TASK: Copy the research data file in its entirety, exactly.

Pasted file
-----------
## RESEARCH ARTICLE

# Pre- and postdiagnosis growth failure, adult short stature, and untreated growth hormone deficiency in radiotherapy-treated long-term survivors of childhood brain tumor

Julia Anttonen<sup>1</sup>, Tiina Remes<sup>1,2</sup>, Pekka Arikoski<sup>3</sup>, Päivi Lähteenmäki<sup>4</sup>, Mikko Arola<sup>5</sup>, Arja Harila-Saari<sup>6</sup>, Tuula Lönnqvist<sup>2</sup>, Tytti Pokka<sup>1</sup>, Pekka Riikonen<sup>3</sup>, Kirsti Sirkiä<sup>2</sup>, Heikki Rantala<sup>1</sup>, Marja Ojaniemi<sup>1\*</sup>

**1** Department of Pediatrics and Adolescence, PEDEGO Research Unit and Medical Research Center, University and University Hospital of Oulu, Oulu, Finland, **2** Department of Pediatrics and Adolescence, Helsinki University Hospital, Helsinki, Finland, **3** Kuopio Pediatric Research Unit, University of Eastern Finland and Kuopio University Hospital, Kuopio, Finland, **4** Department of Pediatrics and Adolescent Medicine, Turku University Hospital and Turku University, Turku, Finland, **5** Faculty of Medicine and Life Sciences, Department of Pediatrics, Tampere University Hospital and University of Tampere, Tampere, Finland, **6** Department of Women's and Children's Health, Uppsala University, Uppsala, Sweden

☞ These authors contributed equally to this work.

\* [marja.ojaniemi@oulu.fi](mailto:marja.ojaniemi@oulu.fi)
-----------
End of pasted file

## RESEARCH ARTICLE

# Pre- and postdiagnosis growth failure, adult short stature, and untreated growth hormone deficiency in radiotherapy-treated long-term survivors of childhood brain tumor

Julia Anttonen<sup>1</sup>, Tiina Remes<sup>1,2</sup>, Pekka Arikoski<sup>3</sup>, Päivi Lähteenmäki<sup>4</sup>, Mikko Arola<sup>5</sup>, Arja Harila-Saari<sup>6</sup>, Tuula Lönnqvist<sup>2</sup>, Tytti Pokka<sup>1</sup>, Pekka Riikonen<sup>3</sup>, Kirsti Sirkiä<sup>2</sup>, Heikki Rantala<sup>1</sup>, Marja Ojaniemi<sup>1\*</sup>

**1** Department of Pediatrics and Adolescence, PEDEGO Research Unit and Medical Research Center, University and University Hospital of Oulu, Oulu, Finland, **2** Department of Pediatrics and Adolescence, Helsinki University Hospital, Helsinki, Finland, **3** Kuopio Pediatric Research Unit, University of Eastern Finland and Kuopio University Hospital, Kuopio, Finland, **4** Department of Pediatrics and Adolescent Medicine, Turku University Hospital and Turku University, Turku, Finland, **5** Faculty of Medicine and Life Sciences, Department of Pediatrics, Tampere University Hospital and University of Tampere, Tampere, Finland, **6** Department of Women's and Children's Health, Uppsala University, Uppsala, Sweden

☞ These authors contributed equally to this work.

\* [marja.ojaniemi@oulu.fi](mailto:marja.ojaniemi@oulu.fi)